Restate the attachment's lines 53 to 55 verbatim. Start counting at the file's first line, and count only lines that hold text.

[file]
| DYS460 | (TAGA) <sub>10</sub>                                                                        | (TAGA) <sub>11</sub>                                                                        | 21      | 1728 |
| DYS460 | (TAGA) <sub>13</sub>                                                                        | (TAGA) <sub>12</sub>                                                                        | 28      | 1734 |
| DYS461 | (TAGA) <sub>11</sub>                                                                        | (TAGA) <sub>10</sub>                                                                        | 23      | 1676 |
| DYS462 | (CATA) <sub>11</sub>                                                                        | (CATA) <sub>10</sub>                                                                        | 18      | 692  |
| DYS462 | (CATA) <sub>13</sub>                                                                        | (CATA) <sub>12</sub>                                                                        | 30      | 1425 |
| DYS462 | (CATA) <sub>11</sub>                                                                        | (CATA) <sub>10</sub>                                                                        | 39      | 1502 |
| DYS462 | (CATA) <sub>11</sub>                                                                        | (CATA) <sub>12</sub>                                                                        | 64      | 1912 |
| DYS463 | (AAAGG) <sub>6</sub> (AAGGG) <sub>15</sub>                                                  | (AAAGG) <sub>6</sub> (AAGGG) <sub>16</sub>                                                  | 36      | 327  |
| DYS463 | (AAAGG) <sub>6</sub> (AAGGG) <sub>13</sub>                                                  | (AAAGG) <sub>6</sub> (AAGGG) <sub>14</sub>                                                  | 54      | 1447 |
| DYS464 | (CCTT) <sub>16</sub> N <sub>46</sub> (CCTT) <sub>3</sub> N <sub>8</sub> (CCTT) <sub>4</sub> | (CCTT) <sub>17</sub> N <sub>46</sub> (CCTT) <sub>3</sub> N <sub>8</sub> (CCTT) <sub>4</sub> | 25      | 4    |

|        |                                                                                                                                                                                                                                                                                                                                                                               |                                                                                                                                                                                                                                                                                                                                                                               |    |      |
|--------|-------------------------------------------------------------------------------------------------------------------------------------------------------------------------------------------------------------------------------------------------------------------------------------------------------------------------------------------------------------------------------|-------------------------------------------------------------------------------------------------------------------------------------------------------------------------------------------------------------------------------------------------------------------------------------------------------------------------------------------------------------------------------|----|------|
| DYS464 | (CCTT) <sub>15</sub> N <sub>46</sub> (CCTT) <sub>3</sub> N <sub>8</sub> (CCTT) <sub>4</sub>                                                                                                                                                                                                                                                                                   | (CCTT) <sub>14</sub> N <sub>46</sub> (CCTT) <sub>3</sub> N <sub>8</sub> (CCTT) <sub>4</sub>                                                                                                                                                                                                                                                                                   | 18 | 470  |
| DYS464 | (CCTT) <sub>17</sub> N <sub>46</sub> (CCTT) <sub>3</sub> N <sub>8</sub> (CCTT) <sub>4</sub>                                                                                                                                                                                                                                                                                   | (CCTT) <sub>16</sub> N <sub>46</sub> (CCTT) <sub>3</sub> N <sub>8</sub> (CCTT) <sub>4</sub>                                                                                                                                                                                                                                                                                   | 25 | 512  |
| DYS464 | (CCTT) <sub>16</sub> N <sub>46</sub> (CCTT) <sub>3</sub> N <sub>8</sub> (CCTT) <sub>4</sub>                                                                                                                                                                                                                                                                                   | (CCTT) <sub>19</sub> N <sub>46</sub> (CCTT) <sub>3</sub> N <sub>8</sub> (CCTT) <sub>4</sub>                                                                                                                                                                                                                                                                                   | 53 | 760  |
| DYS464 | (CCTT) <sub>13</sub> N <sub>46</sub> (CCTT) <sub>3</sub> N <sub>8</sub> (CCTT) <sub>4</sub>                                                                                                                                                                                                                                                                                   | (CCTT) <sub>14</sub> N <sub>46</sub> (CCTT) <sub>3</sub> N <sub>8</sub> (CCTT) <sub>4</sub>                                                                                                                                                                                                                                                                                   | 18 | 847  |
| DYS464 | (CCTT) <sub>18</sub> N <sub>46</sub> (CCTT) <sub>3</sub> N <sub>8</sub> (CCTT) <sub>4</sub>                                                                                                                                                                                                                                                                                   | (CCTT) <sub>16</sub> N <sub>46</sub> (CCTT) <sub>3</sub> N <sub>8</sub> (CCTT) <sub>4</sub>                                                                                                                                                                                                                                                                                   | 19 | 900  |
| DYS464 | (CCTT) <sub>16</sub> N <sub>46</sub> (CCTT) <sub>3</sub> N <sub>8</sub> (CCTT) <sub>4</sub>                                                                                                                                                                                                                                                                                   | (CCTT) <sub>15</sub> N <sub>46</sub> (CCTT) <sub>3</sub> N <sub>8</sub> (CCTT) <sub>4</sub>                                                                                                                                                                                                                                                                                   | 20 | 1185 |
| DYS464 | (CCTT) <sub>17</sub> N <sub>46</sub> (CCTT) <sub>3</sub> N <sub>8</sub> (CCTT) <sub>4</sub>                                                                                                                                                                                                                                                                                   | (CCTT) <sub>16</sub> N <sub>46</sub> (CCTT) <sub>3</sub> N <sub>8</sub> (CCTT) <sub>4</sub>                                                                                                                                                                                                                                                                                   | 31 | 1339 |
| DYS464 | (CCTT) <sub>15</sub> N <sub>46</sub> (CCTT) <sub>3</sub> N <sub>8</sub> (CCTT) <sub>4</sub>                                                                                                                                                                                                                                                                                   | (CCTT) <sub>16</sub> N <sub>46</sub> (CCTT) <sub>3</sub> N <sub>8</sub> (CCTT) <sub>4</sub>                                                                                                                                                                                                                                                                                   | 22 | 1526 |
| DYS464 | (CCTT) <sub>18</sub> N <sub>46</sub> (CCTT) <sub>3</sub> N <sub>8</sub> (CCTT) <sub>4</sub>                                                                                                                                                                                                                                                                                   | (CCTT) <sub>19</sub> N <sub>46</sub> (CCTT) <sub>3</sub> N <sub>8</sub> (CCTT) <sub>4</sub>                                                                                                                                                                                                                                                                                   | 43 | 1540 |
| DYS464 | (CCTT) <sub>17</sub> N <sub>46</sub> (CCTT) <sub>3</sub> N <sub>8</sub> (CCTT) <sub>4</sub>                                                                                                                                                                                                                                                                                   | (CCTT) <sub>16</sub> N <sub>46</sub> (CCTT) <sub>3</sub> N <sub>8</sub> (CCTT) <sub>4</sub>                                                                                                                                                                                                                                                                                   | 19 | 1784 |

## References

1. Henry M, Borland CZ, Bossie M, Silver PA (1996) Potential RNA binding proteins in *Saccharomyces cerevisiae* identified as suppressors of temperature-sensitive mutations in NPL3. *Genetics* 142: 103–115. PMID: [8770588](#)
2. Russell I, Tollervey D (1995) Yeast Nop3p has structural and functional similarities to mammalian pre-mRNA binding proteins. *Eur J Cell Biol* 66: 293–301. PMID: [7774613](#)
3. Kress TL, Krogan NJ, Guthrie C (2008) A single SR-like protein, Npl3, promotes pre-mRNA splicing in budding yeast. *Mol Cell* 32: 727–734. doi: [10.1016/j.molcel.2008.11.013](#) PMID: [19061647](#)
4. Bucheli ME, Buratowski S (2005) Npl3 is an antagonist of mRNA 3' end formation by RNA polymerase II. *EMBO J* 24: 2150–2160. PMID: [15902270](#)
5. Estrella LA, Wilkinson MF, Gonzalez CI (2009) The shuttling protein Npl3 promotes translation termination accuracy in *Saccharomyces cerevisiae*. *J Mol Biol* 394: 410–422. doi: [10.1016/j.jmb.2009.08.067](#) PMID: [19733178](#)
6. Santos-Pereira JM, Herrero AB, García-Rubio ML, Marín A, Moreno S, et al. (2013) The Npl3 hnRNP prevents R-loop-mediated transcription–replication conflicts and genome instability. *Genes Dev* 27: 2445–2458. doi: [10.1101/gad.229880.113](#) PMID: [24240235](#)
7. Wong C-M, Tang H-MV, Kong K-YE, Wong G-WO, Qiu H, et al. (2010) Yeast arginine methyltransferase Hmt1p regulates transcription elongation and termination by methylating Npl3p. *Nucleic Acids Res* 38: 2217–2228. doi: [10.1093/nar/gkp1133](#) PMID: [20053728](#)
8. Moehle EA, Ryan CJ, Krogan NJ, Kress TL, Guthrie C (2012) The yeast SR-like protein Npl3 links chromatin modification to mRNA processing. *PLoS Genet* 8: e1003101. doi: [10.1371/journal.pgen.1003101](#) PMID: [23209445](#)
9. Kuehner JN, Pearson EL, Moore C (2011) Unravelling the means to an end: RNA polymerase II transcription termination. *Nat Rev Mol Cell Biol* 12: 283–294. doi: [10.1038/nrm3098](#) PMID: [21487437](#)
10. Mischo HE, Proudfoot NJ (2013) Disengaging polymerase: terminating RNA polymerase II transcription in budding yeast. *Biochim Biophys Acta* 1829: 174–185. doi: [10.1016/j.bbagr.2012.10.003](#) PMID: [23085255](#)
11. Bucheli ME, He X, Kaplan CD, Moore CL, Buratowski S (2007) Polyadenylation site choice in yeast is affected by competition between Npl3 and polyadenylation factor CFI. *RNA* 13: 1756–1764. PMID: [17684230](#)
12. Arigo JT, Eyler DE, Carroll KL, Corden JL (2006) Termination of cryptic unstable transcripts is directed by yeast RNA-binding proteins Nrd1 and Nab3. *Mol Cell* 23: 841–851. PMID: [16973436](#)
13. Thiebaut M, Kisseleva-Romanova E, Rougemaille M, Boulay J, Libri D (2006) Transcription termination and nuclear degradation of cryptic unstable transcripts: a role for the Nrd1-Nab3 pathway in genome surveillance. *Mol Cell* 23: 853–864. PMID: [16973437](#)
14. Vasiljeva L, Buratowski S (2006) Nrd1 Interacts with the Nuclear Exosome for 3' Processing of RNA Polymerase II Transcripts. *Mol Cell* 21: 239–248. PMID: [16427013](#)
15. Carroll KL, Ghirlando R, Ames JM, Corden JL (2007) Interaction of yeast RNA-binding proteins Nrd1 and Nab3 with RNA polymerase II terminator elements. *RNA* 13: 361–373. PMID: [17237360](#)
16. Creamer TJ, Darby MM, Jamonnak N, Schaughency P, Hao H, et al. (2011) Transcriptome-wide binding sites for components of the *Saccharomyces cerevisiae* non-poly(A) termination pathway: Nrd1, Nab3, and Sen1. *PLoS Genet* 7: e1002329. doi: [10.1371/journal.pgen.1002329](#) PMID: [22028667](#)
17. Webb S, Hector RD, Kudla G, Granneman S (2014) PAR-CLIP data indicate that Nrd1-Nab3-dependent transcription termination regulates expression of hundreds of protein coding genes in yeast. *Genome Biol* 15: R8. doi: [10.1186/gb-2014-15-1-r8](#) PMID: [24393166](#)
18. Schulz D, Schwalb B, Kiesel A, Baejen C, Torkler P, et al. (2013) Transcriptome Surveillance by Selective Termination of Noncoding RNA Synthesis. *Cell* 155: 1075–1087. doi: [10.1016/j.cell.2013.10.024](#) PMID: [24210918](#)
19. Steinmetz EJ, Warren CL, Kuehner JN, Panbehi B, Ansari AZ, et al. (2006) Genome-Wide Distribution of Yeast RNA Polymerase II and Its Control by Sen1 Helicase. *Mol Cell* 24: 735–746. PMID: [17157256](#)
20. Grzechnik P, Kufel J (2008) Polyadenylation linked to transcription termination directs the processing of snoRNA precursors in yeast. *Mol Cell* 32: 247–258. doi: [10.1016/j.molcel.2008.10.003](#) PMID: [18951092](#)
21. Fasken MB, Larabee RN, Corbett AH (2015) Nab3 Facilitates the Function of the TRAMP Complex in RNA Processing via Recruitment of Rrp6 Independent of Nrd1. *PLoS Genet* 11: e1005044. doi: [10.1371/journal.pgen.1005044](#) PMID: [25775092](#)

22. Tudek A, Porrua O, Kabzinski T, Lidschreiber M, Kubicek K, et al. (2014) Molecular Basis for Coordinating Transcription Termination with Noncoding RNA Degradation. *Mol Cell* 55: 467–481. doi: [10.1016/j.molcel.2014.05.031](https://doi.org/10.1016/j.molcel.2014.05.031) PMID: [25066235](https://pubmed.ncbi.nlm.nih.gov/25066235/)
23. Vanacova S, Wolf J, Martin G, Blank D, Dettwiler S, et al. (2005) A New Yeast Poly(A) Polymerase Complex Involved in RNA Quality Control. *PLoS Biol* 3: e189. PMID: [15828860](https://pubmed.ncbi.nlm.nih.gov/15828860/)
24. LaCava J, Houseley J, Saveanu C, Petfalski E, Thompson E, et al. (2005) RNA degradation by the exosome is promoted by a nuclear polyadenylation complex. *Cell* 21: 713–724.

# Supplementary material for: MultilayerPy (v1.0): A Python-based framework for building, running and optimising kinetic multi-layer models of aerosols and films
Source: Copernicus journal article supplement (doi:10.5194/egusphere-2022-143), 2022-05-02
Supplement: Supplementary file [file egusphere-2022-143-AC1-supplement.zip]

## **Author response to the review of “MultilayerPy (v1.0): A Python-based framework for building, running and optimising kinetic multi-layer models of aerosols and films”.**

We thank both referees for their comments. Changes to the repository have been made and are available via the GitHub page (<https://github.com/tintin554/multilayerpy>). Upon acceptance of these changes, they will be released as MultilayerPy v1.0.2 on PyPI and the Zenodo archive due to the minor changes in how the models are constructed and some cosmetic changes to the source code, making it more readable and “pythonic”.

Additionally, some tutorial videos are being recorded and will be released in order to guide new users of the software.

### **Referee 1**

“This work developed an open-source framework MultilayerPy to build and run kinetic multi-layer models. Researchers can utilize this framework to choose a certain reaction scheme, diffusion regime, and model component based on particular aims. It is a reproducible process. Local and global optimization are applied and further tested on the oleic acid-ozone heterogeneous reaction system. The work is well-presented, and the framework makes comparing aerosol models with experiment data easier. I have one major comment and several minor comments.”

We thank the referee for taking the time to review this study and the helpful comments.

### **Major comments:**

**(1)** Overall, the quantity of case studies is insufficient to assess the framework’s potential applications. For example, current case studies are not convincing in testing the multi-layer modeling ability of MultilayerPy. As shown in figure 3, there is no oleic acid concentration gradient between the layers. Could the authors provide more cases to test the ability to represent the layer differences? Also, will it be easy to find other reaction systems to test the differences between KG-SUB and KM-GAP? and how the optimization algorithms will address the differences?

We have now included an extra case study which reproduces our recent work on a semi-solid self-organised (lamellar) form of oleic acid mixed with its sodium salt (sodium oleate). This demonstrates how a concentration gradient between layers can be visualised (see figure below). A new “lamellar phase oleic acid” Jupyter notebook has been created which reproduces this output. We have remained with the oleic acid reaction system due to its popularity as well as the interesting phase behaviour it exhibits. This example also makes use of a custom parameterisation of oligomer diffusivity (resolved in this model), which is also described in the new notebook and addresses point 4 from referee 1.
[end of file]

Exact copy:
Additionally, some tutorial videos are being recorded and will be released in order to guide new users of the software.

### **Referee 1**

“This work developed an open-source framework MultilayerPy to build and run kinetic multi-layer models. Researchers can utilize this framework to choose a certain reaction scheme, diffusion regime, and model component based on particular aims. It is a reproducible process. Local and global optimization are applied and further tested on the oleic acid-ozone heterogeneous reaction system. The work is well-presented, and the framework makes comparing aerosol models with experiment data easier. I have one major comment and several minor comments.”